Many businesses do not appreciate that brand journalism works. These businesses are blindsided because they fundamentally misunderstand one of two things: one, the power of online research before buying. For example, 57% of people research a purchase before ponying up their cash, according to a CEB report. Or, two, these businesses misunderstand the power of blogging, one of the strongest applications of brand journalism.
All of this is good news for savvy businesses that understand how brand journalism works and that do it well.
Here are seven reasons brand journalism works as a marketing and sales tactic. Brand journalism is:
Blogging content is especially adept at increasing in value over time because it seeds search results in extremely narrow niches. The more content that builds up around a narrow niche, the greater the possibility that a brand will be discovered in a related search. As mentioned earlier, research is a primary step in sales today.
Brand journalism captures the attention of audiences because it offers something of value, namely, informational content that answers a question or solves a problem (as, in Web parlance, the query is “Googled”).
3) Authoritative and credible
Brand journalists who cover a particular industry beat aren’t typical journalists asking questions and tracking a story. These bylined contributors are already several steps ahead of a typical journalist because they have specialized field experience and/or credentials. Brand journalism offers a platform to develop authority in a given practice or geographic location by presenting news that matters to a specialized audience. With the credentialed expertise and vantage point of an insider, journalists writing for a brand can contextualize and synthesize emerging industry developments.
Brand journalism does not equal blind allegiance to a brand. Singing empty praises without critical thought is vapid marketing; brand journalism should strive to maintain the same ethics followed by traditional journalists to investigate and report fairly. Therefore, truly excellent brand journalism presents many sides to a story and shares all reference materials. Sourcing allows for — and requires — greater transparency.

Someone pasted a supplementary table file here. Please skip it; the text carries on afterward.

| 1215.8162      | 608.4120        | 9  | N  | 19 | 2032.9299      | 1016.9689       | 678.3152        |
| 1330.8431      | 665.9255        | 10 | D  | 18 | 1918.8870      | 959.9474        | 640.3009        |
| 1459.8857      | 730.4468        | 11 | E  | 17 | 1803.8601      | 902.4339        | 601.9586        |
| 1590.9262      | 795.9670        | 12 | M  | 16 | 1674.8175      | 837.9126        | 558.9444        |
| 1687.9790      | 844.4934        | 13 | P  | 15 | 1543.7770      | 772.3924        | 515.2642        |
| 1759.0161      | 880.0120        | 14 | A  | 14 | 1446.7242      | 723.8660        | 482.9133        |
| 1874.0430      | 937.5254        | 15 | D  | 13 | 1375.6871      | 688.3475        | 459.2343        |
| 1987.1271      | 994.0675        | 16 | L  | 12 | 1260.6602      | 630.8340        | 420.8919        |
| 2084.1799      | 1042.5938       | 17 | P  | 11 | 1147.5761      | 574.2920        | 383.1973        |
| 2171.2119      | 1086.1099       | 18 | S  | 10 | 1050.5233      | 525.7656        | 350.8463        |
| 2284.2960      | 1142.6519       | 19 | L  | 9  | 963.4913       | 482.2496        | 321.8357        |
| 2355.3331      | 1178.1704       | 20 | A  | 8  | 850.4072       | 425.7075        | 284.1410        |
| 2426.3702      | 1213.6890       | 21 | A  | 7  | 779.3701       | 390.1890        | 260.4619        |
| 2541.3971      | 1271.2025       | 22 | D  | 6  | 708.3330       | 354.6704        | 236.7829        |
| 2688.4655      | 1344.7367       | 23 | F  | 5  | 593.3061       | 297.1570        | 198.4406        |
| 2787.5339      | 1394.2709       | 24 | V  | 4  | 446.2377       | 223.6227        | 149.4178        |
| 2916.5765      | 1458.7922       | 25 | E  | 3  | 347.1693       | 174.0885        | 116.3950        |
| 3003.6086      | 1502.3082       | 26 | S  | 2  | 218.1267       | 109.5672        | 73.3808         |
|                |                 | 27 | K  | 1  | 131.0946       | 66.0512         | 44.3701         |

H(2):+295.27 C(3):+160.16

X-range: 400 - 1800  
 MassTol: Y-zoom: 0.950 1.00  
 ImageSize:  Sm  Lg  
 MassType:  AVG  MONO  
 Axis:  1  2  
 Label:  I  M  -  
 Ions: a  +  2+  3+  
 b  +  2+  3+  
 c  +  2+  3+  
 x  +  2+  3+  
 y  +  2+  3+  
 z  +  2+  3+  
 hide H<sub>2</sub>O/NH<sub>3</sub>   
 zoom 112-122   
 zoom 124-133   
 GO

Excellent brand journalism invites participation of all kinds. Perhaps the best compliment, and ultimately the most valuable to a brand, is when content is shared.
Brand journalism can scale. Brands are increasingly diversifying their news coverage into more finely sliced elements. A clothing brand, for example, might use brand journalism to investigate everything from cloth production supply chains to water consumption and conservation, assigning in-house journalists to a particular beat within the overall mission of covering stories and news important to their customers.
Finally, brand journalism works because it is systemic. As in a newsroom, contributors who work together to develop brand journalism content are themselves specialized: editors check grammar and sources, photographers and art directors provide illustrative elements, search experts optimize for visibility, and so on. These systems are greater than a single contributor, and this is demonstrated by the volume and dependability of the output on the art. If you are a very big art lover, then you would want to visit whipnet.org where there is a big collection of art to buy.
These reasons also highlight how closely corporate blogging teams resemble traditional news teams. The ethics and execution of brand journalism are still evolving, as is the definition of brand journalism. Savvy businesses recognize these changes, not as a trend, but as a fundamental shift in marketing and selling.
Katie McCaskey is SixEstate’s content director. She tests real-world application of content marketing techniques using the cafe she co-owns as a laboratory. She was Tech Editor of Chief Content Officer, 2010-2011, and contributes to the Content Marketing Institute. Connect with her on Google+ or @KatieMcCaskey.